I don't know about the finer points of spreadsheet cell evaluation order, so if I were trying to do it, I'd consider adding a switch for each cell, letting a user exclude it. This would be a useful default to avoid repeat evaluation for constants and literals (like strings), for obvious reasons. :) It might even help with speed.

Any chance of indicating the PK$save thread to Huw Barnes? He might well know something specifically useful to help solve that..
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Martin
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Re: OPL

Post by Martin »

Hi Lostgallifreyan

I sent him a tentative Personal Message asking if he was involved with the Organiser II operating system?

His reply...
Hi Martin.

I wasn't involved in the Organiser II OS development. My only involvement was when I was asked to help out on the Organiser spreadsheet by rewriting the display code for it when the 4 line version came about.
Kind regards
Huw


I didn't mention your PK$SAVE quest and it looks like he came to the Organiser after it was up and running... I have followed up asking him if he is still in contact with anyone that was there at the early development stage... If/When he gets back to me I'll point him in the direction of the PK$SAVE thread.

Always sincere
Martin
Lostgallifreyan
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Joined: Thu Jan 12, 2023 8:25 pm

Re: OPL

Post by Lostgallifreyan »

Martin wrote: Wed Feb 07, 2024 3:58 pm I didn't mention your PK$SAVE quest and it looks like he came to the Organiser after it was up and running... I have followed up asking him if he is still in contact with anyone that was there at the early development stage... If/When he gets back to me I'll point him in the direction of the PK$SAVE thread.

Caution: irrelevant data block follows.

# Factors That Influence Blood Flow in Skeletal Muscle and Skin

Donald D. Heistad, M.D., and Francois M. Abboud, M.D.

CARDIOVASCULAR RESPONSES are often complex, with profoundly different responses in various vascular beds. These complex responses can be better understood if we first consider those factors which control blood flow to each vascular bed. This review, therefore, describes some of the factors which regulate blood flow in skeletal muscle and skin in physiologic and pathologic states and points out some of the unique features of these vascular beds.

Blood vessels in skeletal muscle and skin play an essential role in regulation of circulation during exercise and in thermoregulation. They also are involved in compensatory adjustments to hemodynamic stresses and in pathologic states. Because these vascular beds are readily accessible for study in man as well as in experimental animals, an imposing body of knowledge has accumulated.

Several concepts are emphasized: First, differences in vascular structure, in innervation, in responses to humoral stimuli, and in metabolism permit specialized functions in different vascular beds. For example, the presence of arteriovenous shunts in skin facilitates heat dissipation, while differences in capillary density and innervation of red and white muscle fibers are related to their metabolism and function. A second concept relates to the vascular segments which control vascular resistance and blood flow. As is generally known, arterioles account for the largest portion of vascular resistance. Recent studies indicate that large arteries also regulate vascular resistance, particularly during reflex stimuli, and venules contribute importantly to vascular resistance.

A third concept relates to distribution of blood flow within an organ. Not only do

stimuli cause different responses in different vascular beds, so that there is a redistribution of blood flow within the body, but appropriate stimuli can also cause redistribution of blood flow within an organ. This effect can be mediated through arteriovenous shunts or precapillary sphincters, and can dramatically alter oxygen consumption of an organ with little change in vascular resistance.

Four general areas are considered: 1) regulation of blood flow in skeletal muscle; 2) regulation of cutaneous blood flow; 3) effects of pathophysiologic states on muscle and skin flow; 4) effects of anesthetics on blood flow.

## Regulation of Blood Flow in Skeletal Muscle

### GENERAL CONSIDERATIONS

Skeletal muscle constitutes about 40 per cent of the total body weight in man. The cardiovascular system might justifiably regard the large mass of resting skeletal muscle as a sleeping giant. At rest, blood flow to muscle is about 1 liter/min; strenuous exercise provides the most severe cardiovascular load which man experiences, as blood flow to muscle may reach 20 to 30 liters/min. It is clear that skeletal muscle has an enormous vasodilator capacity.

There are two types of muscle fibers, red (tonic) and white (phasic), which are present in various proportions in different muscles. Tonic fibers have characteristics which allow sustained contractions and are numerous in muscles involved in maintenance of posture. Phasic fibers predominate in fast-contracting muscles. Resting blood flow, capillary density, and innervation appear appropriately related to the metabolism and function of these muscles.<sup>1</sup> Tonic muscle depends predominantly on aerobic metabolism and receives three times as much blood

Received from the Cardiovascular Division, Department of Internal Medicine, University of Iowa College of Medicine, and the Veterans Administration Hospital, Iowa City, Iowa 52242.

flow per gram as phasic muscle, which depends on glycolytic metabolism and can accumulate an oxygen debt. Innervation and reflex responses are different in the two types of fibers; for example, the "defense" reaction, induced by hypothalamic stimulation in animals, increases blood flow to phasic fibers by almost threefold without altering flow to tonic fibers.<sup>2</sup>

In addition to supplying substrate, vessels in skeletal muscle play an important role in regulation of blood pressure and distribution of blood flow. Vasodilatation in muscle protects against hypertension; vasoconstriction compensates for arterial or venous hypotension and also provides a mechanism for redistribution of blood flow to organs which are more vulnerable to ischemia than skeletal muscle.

Always sincere
Martin
Nice one. I may get lucky... This is the wrong thread to announce this but waste not, want not... I have a forced test running, of the WORD at address $2407, starting at zero, on an XP with ROM 36-LA. It's a quarter done (not sure why it's so slow, it was faster on ROM 33-LA), but so far it's not found a value that prevents the extra 'FF', and I don't think it's going to find one! I suspect Psion used an entirely new method for all later OS's.
Daren
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Re: OPL

Post by Daren »

I wholeheartedly agree, OPL is really quite something - I am as far from what could be considered a programmer as is possible, yet I can usually get a little OPL program working and doing what I want. It is very well documented and thought out, and the fact that you can do it right on the Psion without any fuss is very useful to me. I will continue to use OPL and my beloved Psion(s) until they or I no longer function.

Modern tech is nowhere as appealing to me for this kind of stuff, don’t get me wrong I use iPads and other computers and PDAs and tablets too, but the barrier to creating bespoke programs on all of those is just far too high for me.

I also have a couple of Series 3, and back in the 90’s made some OPL programs on those, but nowadays I think I prefer the old LZ64, better battery life, way more rugged, sure more minimal but also I think some of the Psion magic was lost on S3, even though obviously a lot was improved too, but today a lot of those things the S3 does are handled by more modern devices I have.